The main purpose of a driver’s license is to confirm identity and prove one’s right to operate a vehicle. Imagine being pulled over for a traffic offence and handing over your smartphone instead of a physical driver’s license.
Citizens in New South Wales, Australia, will have access to digital driver’s licenses (DDLs) in a couple of months following successful trials in the city of Dubbo. South Australians have been able to keep DDLs on their mobile devices since September.
Over the past couple of years, several U.S. states have also launched pilot programs to test the process. These mobile driver’s licenses contain a photo, name, address, and date of birth. Other countries such as Britain, Finland, Brazil and India have also either explored the use of digital driver licenses or already have plans to roll them out.
A digital license is convenient for users and law enforcement to share and prove identity. They can be used in roadside stops, to show proof of age, and confirm and verify identity online and off.
Currently, mobile driver’s licenses are meant to serve as secondary forms of ID and are not replacing physical driver’s licenses.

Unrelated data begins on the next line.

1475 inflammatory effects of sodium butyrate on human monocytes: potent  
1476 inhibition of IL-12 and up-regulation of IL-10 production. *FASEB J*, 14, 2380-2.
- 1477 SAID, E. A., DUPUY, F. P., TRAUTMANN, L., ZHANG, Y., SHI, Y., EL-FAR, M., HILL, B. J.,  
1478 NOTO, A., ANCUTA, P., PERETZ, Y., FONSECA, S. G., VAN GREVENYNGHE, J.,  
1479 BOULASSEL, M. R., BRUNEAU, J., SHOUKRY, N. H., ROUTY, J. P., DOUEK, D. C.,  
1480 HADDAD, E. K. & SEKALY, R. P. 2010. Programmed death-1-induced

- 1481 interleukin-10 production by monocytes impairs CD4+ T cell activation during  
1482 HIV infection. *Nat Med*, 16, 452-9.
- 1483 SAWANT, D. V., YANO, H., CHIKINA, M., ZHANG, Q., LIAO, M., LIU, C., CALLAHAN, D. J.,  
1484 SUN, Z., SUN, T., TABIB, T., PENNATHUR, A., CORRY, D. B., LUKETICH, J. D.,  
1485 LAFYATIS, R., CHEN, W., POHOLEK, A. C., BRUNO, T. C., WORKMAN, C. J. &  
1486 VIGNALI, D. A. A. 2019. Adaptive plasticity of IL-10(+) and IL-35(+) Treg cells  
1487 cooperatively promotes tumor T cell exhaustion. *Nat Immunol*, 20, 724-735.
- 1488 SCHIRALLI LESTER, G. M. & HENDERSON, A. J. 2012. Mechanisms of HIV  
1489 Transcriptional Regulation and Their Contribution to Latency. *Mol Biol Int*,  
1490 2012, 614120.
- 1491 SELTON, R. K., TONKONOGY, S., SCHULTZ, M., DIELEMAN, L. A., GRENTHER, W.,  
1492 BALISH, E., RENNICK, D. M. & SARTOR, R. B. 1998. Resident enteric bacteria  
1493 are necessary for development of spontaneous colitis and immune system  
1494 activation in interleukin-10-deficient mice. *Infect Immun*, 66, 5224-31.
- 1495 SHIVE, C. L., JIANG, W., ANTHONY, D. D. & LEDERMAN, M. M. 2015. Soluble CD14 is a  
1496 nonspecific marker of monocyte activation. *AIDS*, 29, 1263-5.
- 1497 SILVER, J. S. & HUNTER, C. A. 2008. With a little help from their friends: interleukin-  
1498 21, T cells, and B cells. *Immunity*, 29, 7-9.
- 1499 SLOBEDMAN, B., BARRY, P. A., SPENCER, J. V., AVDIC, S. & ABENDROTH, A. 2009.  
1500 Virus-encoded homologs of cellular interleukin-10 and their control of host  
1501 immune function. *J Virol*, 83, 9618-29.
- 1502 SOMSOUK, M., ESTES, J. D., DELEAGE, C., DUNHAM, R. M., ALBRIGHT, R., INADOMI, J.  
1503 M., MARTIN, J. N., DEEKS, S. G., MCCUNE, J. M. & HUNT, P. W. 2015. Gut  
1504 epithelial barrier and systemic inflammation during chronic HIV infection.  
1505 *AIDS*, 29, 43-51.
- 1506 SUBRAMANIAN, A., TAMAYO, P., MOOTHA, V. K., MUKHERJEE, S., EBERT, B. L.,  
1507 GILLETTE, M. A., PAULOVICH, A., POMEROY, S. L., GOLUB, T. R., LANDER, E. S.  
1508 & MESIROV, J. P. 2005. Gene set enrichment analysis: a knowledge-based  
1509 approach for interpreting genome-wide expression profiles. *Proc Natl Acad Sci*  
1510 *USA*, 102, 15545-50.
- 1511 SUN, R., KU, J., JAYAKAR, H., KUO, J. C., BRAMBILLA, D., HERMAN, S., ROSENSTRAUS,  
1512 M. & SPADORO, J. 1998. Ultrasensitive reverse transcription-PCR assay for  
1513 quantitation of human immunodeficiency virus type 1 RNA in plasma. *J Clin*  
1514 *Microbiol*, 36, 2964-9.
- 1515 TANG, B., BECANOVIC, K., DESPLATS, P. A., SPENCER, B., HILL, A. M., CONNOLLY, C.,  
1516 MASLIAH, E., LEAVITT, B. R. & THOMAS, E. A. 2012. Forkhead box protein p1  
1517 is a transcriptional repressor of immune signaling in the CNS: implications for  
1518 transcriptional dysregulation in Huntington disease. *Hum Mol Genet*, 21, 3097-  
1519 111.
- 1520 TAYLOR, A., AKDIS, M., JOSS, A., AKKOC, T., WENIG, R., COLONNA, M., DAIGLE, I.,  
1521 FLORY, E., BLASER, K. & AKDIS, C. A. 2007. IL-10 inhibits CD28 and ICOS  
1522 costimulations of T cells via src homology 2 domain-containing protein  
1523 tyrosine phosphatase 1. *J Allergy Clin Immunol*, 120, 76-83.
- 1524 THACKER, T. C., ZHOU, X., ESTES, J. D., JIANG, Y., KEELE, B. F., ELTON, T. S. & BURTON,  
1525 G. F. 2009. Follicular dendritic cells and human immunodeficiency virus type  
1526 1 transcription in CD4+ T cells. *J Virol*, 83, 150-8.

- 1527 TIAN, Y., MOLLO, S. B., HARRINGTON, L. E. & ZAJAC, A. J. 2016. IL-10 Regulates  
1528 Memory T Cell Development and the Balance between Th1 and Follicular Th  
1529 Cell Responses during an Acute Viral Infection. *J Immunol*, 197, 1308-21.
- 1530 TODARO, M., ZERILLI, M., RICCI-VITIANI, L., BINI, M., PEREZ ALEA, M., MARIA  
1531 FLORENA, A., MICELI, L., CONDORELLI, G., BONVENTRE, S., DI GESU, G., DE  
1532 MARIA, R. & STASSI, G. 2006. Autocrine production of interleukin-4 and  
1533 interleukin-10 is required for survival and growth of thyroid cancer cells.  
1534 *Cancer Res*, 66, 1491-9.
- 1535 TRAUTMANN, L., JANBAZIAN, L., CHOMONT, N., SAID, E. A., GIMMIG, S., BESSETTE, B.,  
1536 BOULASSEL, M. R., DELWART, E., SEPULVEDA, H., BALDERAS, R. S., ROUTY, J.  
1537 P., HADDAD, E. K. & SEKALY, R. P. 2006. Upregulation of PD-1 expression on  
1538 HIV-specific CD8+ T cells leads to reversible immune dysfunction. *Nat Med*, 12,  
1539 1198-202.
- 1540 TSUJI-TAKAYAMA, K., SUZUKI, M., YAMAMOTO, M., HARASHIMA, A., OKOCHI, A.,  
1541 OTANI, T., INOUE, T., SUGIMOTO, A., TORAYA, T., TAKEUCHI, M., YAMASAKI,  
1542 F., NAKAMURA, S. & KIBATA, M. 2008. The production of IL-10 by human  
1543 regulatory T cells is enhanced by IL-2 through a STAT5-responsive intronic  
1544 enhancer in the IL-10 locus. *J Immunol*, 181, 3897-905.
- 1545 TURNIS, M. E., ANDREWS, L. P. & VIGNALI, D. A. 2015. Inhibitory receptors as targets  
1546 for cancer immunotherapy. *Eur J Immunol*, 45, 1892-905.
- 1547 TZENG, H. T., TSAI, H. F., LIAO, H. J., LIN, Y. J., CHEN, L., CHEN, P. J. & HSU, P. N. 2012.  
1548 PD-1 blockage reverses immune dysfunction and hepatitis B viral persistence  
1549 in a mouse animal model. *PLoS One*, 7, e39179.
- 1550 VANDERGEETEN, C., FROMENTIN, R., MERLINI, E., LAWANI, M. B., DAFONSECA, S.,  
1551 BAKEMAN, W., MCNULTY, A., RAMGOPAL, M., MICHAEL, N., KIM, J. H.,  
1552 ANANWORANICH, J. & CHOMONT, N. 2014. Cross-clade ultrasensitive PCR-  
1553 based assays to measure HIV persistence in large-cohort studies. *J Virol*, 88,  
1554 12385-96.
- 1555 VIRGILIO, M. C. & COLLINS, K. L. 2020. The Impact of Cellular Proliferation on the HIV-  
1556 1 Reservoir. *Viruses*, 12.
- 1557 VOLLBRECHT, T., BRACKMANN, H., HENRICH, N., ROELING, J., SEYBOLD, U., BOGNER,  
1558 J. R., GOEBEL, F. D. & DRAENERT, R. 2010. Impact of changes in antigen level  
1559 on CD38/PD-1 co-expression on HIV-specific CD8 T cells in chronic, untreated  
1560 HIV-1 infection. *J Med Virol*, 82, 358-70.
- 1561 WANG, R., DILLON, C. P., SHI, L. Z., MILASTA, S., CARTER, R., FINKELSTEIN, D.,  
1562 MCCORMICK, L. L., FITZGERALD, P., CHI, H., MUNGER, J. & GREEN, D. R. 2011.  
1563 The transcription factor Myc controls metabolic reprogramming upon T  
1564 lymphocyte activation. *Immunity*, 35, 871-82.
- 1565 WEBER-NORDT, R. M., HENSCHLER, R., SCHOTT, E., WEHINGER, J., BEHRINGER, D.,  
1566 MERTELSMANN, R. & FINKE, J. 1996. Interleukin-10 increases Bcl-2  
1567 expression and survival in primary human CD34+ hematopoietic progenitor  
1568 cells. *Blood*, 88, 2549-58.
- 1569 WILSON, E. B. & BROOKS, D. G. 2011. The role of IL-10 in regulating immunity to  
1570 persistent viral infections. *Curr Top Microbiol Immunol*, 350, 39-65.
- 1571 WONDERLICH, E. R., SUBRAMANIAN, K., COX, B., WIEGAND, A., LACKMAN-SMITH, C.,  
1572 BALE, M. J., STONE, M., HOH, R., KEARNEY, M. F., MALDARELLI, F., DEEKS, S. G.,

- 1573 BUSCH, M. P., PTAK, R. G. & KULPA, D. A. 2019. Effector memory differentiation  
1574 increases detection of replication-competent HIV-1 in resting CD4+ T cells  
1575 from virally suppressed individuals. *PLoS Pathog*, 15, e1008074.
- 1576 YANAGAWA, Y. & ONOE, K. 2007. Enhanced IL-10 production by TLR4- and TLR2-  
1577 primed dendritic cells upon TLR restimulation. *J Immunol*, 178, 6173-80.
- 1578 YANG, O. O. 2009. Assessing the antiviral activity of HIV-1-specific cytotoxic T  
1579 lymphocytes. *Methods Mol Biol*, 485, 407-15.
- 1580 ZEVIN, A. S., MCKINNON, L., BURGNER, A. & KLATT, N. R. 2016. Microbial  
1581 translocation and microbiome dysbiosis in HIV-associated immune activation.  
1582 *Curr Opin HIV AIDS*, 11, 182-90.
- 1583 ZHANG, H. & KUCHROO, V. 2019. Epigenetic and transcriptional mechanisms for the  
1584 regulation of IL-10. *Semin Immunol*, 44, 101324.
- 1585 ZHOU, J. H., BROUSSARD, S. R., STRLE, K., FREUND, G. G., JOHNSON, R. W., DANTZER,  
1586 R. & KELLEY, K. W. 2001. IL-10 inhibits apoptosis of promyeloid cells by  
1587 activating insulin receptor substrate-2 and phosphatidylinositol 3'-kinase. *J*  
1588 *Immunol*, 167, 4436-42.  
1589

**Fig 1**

Digital security company Gemalto was awarded a $2 million grant to implement a pilot program for a secure digital driver’s license in four U.S. jurisdictions – Idaho, Colorado, Maryland and Washington D.C.
According to the company, in order to be considered “a trusted digital identity,” mobile driver’s licenses need to be accessible both online and off, be highly secure to protect user privacy, be interoperable between various authorities, and have the ability to manage data integrity.
Authorities will be able to determine if a license is fraudulent because it is checked with the issuer backend in real time, Gemalto points out. In addition, if someone loses their mobile device, the digital license can be remotely deactivated or completely erased.
Of particular concern to people are user-friendliness and security. Privacy is ensured because there is no geolocation tagging, third parties cannot access it without consent, the license and phone are not tracked, and users decide when to show it and what data to share.
Gemalto notes: “This form of digital credential could enable a new, more efficient and more secure way of authenticating a person and their entitlement for a range of personal identification usages.”